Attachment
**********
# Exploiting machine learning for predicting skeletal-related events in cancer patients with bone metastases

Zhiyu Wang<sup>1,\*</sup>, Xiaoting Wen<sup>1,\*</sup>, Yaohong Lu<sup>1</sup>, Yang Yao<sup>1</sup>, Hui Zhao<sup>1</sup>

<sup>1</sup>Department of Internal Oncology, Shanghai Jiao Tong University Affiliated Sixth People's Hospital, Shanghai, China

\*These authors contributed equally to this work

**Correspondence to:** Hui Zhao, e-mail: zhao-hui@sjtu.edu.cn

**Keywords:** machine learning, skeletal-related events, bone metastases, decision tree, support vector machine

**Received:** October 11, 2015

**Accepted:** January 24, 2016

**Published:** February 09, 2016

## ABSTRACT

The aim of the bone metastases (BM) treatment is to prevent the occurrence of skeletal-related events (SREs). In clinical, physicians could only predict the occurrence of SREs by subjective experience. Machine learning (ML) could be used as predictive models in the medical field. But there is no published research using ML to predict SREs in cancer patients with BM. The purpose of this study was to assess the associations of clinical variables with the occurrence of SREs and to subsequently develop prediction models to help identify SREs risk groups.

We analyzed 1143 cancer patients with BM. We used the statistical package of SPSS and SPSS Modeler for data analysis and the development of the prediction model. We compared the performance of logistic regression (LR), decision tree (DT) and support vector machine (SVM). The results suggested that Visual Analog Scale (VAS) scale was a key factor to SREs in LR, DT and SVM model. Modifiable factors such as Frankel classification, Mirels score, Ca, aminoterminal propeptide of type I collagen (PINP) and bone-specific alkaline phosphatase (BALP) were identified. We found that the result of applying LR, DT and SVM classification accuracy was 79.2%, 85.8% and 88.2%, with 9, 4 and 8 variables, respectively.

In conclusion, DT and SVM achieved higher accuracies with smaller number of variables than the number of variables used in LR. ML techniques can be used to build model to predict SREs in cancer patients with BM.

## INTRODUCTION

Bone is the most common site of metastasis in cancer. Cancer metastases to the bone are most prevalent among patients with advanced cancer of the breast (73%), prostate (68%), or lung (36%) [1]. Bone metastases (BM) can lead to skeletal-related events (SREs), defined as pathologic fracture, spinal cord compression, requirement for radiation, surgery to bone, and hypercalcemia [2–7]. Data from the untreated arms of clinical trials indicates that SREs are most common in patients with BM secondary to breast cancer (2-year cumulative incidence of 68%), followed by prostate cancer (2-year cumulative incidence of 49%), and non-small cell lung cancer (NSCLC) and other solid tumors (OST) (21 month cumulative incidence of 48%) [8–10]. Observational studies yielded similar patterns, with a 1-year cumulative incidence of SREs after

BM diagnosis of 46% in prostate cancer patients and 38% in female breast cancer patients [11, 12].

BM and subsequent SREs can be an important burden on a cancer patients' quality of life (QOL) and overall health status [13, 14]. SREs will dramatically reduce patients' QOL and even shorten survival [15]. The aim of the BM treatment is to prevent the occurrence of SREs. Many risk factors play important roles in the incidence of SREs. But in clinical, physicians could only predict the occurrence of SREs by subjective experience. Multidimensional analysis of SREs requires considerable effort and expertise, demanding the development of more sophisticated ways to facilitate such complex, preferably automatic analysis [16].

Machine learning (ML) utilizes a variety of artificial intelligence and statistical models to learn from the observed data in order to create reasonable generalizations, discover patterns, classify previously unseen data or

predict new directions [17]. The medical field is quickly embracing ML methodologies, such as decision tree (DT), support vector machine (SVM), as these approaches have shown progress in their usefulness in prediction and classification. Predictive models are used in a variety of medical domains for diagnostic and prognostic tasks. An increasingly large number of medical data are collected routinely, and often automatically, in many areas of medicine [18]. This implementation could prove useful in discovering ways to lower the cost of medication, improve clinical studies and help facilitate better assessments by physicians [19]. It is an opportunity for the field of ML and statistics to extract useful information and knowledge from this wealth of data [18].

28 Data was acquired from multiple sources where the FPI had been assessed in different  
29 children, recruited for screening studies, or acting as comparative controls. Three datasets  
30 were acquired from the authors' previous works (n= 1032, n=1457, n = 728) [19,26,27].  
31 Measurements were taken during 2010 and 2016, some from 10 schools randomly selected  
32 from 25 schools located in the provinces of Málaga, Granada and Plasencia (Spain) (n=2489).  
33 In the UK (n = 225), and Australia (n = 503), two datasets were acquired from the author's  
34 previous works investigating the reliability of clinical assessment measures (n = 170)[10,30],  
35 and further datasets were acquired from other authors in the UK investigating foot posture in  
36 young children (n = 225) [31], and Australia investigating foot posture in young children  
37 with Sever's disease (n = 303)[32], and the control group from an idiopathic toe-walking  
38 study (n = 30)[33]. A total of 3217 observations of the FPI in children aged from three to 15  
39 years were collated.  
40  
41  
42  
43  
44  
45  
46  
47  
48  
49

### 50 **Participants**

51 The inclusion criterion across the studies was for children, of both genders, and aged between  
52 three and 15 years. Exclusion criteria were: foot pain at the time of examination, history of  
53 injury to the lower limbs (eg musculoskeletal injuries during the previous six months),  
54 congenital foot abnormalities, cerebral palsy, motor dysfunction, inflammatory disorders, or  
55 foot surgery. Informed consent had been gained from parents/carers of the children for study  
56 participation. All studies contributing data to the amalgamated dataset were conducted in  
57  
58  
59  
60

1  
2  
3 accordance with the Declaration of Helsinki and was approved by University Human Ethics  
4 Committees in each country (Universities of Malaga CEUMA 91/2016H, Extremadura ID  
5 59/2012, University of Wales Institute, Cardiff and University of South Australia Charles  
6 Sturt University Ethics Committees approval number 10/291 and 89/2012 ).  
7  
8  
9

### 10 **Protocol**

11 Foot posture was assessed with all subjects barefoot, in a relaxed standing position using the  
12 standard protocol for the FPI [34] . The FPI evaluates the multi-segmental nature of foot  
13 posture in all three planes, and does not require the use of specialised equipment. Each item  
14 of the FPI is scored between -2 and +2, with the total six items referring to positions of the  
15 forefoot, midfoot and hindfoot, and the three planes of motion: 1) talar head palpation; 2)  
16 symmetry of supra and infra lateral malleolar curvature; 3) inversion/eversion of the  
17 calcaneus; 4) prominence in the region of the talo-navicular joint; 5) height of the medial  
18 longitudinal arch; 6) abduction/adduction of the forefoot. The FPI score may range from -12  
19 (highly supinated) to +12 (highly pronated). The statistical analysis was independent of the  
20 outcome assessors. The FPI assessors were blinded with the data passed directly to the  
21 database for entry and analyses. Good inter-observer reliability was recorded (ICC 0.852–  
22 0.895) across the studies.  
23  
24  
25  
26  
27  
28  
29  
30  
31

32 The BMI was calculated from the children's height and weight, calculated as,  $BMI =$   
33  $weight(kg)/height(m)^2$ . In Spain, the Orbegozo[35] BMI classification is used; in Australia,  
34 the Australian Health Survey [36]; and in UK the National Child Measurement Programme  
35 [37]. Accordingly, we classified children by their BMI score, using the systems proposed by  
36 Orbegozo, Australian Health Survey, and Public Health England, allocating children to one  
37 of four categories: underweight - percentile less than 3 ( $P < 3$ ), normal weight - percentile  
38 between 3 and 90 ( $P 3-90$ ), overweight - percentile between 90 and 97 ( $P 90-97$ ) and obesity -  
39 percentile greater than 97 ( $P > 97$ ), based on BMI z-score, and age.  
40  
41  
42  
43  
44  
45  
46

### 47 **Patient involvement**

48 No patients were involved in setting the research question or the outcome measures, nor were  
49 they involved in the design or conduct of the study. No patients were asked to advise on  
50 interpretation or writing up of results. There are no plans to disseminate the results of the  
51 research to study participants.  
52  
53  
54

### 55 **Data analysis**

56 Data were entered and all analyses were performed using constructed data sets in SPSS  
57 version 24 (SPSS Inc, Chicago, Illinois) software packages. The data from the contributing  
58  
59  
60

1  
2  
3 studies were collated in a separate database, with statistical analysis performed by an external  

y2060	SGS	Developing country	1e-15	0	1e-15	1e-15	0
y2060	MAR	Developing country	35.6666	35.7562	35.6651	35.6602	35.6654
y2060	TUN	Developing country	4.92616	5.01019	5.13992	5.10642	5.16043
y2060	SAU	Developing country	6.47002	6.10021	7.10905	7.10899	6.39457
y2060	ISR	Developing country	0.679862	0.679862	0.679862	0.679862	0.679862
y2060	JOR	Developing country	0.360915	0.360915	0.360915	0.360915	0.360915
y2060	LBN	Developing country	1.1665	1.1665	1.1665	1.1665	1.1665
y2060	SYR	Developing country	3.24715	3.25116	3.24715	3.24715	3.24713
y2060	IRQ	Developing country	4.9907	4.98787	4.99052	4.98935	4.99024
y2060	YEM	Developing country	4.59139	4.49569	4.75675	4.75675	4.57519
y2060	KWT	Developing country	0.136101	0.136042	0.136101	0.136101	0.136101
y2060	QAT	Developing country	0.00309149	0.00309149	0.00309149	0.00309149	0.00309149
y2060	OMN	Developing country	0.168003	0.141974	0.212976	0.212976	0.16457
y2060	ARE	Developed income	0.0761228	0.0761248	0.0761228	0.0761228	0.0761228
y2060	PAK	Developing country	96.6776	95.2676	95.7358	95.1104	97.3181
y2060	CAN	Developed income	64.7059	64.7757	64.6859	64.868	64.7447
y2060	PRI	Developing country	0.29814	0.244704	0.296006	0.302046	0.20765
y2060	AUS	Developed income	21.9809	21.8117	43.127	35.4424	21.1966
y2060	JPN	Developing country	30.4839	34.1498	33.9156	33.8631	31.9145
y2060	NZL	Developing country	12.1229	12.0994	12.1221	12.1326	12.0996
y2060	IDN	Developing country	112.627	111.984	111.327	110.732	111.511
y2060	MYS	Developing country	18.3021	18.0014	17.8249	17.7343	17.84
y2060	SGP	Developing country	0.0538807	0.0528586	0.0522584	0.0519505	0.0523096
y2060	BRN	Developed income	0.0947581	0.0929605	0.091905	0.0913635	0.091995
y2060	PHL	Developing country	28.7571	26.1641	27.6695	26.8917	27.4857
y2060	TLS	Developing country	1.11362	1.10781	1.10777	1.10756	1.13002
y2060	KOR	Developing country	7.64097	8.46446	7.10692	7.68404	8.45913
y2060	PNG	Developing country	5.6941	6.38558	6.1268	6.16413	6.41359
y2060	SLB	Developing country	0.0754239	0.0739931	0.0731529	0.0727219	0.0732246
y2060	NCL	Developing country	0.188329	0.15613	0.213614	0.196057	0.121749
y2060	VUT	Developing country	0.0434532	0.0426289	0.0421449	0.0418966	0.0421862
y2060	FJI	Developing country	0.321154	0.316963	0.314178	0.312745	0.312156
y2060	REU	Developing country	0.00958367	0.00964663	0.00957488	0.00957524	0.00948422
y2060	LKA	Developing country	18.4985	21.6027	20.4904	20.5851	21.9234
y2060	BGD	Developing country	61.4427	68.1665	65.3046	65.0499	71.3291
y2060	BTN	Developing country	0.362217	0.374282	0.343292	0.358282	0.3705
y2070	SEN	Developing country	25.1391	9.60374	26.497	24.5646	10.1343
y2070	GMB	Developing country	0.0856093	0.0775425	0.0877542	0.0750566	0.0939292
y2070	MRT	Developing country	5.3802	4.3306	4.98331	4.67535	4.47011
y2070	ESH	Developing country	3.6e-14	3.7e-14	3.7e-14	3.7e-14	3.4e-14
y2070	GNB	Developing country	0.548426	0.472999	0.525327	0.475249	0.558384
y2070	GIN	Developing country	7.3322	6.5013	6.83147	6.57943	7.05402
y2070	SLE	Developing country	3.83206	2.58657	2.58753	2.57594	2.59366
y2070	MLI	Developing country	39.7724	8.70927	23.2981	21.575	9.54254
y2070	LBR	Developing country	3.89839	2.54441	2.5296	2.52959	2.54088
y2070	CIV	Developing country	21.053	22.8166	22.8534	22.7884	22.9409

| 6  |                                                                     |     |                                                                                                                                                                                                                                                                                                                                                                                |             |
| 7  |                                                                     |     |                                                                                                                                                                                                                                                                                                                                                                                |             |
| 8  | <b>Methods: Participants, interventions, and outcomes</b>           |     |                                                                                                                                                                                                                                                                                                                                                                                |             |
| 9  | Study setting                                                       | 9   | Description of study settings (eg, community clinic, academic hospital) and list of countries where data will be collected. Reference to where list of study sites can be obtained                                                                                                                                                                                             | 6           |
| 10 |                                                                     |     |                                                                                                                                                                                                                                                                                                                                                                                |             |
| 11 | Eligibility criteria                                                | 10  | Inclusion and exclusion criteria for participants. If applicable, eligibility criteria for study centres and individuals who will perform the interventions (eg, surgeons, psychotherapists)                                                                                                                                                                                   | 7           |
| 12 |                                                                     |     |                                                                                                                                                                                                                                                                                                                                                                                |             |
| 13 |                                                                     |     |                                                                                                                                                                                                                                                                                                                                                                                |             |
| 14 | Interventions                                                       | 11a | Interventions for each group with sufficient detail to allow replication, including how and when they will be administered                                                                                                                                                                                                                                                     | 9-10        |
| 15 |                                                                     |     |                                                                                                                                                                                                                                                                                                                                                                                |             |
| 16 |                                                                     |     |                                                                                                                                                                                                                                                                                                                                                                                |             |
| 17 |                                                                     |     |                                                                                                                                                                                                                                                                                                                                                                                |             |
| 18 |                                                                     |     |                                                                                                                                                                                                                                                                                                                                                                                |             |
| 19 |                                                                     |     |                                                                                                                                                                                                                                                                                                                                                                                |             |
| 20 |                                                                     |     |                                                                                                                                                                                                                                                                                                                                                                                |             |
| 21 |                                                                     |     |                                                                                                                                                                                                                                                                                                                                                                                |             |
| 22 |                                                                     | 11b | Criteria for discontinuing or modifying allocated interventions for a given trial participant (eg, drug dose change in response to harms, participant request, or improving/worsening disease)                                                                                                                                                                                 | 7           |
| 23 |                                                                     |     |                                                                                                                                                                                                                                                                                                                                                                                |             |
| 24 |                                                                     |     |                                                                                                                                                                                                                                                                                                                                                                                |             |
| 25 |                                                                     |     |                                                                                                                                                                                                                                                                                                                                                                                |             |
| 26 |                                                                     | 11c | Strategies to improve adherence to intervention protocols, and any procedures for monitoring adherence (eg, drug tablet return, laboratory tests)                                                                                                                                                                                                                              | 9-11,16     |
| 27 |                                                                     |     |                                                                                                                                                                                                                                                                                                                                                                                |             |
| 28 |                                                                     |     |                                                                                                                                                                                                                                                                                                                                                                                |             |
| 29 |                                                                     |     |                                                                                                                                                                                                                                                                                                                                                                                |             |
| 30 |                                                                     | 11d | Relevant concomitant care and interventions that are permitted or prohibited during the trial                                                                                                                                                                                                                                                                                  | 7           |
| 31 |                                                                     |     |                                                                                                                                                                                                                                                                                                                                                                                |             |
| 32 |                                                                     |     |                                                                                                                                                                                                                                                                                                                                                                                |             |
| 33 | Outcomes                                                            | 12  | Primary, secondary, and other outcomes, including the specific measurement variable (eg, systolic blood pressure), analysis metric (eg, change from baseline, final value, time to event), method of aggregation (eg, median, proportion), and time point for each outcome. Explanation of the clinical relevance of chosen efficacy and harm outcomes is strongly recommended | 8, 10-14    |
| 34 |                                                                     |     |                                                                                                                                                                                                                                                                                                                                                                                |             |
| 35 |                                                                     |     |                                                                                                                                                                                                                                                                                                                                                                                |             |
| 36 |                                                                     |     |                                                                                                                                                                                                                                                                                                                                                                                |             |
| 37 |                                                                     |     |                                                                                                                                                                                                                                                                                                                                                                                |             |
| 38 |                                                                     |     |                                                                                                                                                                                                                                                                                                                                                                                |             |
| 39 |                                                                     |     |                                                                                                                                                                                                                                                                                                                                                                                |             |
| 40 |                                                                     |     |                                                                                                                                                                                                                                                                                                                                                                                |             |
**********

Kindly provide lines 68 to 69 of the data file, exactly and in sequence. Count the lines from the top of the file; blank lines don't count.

16 symmetry of supra and infra lateral malleolar curvature; 3) inversion/eversion of the  
17 calcaneus; 4) prominence in the region of the talo-navicular joint; 5) height of the medial  